Hildegarde

Jane Haddam’s WordPress weblog

Lies and the Lying Liars That Tell Them, or Something

with 4 comments

This is one of those days when doing this blog should be easy, since I’m on the good computers, but of course it isn’t, because there are half a dozen people in this room blasting music out of–well, what do they blast it out of?  If it’s coming out of their earphones, they’re going to be deaf in another week.  But you see what I mean.

So let me answer a few questions, and go on from there.

First, I didn’t “change” Thomas Sowell’s definition of intellectual. Lymaree and Cheryl asked me for my definition, and I gave it by bouncing off Sowell’s as a way to clarify what I was saying.  I wasn’t commenting on Sowell’s book, which I haven’t read yet.  I’ve only glanced through it.  The most I was doing was complaining about the fact of Sowell’s book, one more conservative diatribe against “intellectuals.”

But here’s the thing–I think Sowell is using, and Robert is concuring in, the word “intellectual” to describe a group of people that really is recognizable as a distinct group.  It’s just that their distinctness does not reside in their intellectualism.

Okay, that was a convoluted sentence.  But bear with me here.

John wanted to know if Noam Chomsky is an intellectual, and he most definitely is–but Ward Churchill is not.  And yet people like Sowell rightly put the two men into a single distinct category, because they belong in one.

Robert wants to know about all those “victim studies” departments–aren’t all those people going to be useless without government supporting them and don’t they therefore necessarily favor left-leaning positions?

And I’d say yes to the second question), but most of them (see Ward Churchill, again), aren’t intellectuals.

What I think Sowell, and Robert, and a lot of otherconservative writers want is a single word that would describe “certain kinds of academics and writers belonging to certain kinds of departments and publications at certain kinds of institutions and universities.”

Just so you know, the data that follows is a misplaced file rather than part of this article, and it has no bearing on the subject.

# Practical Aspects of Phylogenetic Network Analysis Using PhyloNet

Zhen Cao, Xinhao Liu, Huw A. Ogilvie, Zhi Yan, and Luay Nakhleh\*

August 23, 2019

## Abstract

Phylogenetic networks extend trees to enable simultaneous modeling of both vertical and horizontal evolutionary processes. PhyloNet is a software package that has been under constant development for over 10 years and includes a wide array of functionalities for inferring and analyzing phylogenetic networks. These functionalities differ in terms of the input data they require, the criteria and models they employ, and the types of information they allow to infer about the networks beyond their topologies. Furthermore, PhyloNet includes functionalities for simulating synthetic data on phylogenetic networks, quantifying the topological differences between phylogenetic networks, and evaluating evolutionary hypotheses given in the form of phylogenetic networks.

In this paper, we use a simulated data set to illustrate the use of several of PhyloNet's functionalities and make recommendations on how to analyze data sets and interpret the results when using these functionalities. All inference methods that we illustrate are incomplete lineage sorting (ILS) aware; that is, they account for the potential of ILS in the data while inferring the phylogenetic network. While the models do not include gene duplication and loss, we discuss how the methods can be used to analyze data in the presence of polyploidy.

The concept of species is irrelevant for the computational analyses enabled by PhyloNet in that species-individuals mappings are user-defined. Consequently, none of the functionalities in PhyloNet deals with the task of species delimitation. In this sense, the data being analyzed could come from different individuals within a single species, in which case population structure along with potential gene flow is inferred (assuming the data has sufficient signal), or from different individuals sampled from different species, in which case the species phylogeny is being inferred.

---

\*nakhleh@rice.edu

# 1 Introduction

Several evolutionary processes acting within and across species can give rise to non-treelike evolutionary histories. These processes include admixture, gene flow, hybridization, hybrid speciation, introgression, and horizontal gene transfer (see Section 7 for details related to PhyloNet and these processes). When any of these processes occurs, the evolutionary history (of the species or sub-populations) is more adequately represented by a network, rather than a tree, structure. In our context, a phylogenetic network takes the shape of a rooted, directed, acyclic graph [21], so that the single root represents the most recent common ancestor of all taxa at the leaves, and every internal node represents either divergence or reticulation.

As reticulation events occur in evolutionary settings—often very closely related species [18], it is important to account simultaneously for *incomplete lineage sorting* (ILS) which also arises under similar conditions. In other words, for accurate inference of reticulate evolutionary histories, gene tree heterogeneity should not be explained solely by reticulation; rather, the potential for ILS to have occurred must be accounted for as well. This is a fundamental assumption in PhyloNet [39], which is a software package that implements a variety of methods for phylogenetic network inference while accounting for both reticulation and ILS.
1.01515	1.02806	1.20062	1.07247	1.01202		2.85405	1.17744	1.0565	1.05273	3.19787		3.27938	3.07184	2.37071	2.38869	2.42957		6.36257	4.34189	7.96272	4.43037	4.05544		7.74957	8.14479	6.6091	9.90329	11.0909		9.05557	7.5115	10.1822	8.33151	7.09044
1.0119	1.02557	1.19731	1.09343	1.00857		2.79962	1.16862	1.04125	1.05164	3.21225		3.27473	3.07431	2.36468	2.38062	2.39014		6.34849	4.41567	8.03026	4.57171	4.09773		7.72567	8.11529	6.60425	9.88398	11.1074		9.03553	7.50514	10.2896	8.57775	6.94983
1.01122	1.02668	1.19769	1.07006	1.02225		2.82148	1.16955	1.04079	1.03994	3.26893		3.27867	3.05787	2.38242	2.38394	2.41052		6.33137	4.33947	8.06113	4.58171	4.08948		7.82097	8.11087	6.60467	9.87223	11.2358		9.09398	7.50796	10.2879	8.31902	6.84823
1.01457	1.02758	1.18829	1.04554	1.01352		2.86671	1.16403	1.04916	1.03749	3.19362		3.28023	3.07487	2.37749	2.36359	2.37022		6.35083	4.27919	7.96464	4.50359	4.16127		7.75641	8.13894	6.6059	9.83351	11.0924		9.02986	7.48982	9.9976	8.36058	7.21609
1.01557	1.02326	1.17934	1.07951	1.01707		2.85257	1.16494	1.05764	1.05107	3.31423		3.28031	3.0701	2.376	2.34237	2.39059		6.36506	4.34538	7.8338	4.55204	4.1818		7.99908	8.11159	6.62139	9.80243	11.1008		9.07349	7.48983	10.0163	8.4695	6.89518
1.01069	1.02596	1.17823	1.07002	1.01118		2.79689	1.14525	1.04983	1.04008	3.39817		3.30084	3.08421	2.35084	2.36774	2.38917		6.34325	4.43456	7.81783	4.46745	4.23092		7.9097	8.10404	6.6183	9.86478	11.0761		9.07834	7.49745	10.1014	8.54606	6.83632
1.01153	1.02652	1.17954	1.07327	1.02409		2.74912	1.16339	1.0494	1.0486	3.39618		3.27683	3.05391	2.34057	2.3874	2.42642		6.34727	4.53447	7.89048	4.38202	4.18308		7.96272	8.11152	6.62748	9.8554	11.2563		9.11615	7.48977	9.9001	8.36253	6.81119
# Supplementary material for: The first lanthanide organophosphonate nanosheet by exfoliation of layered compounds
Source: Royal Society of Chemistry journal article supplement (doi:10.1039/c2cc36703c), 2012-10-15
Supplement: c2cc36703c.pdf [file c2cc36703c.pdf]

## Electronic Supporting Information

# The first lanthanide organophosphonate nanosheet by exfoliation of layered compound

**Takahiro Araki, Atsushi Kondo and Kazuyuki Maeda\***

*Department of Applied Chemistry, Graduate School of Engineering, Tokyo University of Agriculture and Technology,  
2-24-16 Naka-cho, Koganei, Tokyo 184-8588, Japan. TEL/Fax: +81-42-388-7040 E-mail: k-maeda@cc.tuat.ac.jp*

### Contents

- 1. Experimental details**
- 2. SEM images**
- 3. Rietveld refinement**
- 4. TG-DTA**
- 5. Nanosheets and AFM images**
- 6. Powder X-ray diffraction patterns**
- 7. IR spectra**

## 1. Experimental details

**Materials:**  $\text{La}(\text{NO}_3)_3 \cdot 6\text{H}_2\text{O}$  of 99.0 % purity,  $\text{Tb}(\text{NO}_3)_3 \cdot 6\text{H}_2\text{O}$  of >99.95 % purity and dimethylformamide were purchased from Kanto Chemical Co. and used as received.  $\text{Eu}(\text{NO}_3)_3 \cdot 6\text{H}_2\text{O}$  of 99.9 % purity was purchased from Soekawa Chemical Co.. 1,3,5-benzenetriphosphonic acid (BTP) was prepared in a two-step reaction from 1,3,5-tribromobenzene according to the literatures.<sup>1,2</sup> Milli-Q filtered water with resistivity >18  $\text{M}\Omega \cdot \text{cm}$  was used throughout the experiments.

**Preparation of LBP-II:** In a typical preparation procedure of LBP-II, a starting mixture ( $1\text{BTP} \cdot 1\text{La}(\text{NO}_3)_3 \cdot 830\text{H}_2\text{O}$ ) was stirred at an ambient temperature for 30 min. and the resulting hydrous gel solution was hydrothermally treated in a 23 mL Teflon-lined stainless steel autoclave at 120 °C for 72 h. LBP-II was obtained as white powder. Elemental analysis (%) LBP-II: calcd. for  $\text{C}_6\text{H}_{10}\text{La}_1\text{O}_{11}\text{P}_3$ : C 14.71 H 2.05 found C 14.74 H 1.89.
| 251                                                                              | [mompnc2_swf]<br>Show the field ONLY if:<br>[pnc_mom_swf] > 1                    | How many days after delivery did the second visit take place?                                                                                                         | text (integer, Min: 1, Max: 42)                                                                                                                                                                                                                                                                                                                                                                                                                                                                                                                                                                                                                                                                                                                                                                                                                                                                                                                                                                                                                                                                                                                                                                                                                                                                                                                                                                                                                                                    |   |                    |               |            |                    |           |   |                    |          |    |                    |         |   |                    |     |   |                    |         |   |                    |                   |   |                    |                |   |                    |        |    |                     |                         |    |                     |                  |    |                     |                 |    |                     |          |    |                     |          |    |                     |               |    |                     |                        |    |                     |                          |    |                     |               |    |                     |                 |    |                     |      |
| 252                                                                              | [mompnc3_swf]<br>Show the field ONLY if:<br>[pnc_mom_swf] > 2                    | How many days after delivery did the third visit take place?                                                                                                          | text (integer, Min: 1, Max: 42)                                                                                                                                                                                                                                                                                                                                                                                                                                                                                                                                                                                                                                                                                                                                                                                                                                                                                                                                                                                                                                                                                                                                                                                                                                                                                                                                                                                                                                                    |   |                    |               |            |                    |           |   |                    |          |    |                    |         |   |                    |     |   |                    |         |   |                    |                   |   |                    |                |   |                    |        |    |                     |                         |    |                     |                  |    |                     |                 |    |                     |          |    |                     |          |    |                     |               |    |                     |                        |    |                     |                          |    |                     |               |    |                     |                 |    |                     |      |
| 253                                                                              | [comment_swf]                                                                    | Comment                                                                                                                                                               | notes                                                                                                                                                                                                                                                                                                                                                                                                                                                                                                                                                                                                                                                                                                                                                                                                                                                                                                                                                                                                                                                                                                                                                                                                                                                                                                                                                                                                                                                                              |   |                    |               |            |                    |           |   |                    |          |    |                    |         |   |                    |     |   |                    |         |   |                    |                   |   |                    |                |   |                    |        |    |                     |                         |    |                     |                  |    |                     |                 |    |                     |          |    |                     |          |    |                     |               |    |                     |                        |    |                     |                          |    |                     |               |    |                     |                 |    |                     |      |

Which is convoluted, I know, but it’s closer to the truth than to call all these people “intellectuals” just because they make a living writing things or teaching in a university.

The various studies departments are a good example of the problem with this.  You might want to try Daphne Patai and Noretta Kortege’s Professing Feminism to see what some of the problem is here.  They do a pretty good job of documenting departments on “elite” campuses who hired people without doctorates or intellectual credentials of any kind but who happen to have the right “experience” to “teach”–well, they’re hired to teach a political party line.  It’s something of a tautology to complain that they then teach it, and it says nothing about what anybody not hired to teach it would think on the same subjects.

Ward Churchill was hired, with piss poor credentials, because he was thought to be Native American and because he spouted a specific set of opinions, determined in advance to be the “right” ones.  He’s no more an intellectual than my cat.

But he is that other thing.

John also asks if some of these people just lied, back during the Thirties or so when the Communist parties were paying them–well, yes, quite a few of them did, and everybody knew it.  You can find some good reports on the lying in Orwell’s essays, especially “Homage to Catalonia.”  In France there was Wilfred Burchette (I think I’m spelling that right), an Australian emigre who spread the word that the US was using biological warfare in the Korean War–something that was provably not true even at the time and has since been completely debunked by released KBG records, since they were the people who started the rumor and asked Burckette to spread it.